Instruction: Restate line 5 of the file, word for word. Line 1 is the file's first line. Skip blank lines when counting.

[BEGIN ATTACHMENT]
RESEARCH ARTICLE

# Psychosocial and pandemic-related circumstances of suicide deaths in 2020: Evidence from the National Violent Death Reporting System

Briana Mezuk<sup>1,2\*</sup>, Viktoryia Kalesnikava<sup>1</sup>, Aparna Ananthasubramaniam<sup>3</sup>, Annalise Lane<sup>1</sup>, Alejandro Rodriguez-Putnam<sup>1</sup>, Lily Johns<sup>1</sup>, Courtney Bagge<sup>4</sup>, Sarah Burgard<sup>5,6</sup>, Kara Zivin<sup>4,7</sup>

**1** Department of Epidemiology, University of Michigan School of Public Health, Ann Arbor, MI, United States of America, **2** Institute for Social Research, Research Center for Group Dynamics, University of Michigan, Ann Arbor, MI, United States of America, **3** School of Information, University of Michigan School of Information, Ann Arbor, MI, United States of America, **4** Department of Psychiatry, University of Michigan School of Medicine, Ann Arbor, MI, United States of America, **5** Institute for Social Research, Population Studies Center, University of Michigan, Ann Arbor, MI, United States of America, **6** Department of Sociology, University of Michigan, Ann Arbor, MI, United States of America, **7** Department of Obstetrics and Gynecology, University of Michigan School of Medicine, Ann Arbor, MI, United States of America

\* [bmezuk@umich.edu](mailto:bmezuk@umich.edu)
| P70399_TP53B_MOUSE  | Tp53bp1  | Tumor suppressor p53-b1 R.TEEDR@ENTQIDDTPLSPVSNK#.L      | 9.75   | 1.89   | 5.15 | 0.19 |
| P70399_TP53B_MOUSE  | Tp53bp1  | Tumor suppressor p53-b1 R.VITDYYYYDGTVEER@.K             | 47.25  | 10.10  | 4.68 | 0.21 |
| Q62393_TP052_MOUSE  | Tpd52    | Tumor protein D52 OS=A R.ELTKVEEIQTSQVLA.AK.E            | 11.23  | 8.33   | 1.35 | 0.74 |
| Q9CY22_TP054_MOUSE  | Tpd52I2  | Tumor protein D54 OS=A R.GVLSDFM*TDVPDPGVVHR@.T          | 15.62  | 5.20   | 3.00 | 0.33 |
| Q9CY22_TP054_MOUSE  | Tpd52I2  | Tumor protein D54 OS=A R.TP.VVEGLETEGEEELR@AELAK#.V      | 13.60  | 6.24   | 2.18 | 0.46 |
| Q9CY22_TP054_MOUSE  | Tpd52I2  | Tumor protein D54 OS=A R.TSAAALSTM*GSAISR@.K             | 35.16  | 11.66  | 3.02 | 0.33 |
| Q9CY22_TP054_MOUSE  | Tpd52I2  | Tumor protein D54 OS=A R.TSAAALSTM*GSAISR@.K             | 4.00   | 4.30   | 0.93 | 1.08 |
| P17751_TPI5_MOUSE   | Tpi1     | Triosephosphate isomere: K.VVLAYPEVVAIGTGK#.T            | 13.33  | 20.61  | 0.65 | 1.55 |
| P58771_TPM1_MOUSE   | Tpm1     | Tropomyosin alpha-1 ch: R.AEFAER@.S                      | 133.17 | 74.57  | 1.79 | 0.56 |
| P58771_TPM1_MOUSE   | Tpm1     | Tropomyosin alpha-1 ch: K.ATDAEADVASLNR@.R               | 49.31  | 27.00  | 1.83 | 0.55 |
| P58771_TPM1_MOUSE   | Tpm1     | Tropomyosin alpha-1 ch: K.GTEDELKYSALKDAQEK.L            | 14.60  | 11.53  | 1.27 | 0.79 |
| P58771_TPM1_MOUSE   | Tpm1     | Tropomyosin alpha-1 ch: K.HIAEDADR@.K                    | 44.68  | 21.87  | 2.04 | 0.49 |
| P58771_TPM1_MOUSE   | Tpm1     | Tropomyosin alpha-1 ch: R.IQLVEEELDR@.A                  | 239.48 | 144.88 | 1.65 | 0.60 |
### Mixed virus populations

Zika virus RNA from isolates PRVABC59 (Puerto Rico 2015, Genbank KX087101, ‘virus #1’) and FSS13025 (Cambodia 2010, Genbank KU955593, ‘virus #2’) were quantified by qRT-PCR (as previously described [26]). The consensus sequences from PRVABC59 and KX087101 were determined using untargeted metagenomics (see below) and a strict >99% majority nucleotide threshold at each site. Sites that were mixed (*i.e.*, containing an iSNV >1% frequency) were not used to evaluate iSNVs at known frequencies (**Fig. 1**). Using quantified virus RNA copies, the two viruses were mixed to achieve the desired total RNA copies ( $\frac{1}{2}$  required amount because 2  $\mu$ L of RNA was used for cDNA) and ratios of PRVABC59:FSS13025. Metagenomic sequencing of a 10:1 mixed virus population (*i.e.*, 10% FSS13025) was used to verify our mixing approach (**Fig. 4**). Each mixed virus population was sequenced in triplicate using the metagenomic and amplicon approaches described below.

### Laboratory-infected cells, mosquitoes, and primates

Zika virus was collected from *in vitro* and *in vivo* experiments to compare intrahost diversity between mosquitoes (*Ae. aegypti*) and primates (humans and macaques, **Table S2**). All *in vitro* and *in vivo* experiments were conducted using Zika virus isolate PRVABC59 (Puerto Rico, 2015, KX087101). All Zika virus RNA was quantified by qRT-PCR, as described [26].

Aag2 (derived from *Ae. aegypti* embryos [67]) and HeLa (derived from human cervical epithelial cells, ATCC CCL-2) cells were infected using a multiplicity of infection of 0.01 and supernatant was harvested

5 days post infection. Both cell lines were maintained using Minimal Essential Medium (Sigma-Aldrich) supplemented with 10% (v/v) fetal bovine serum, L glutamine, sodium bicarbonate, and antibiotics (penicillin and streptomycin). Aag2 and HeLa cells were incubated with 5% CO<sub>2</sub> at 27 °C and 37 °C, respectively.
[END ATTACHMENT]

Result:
\* [bmezuk@umich.edu](mailto:bmezuk@umich.edu)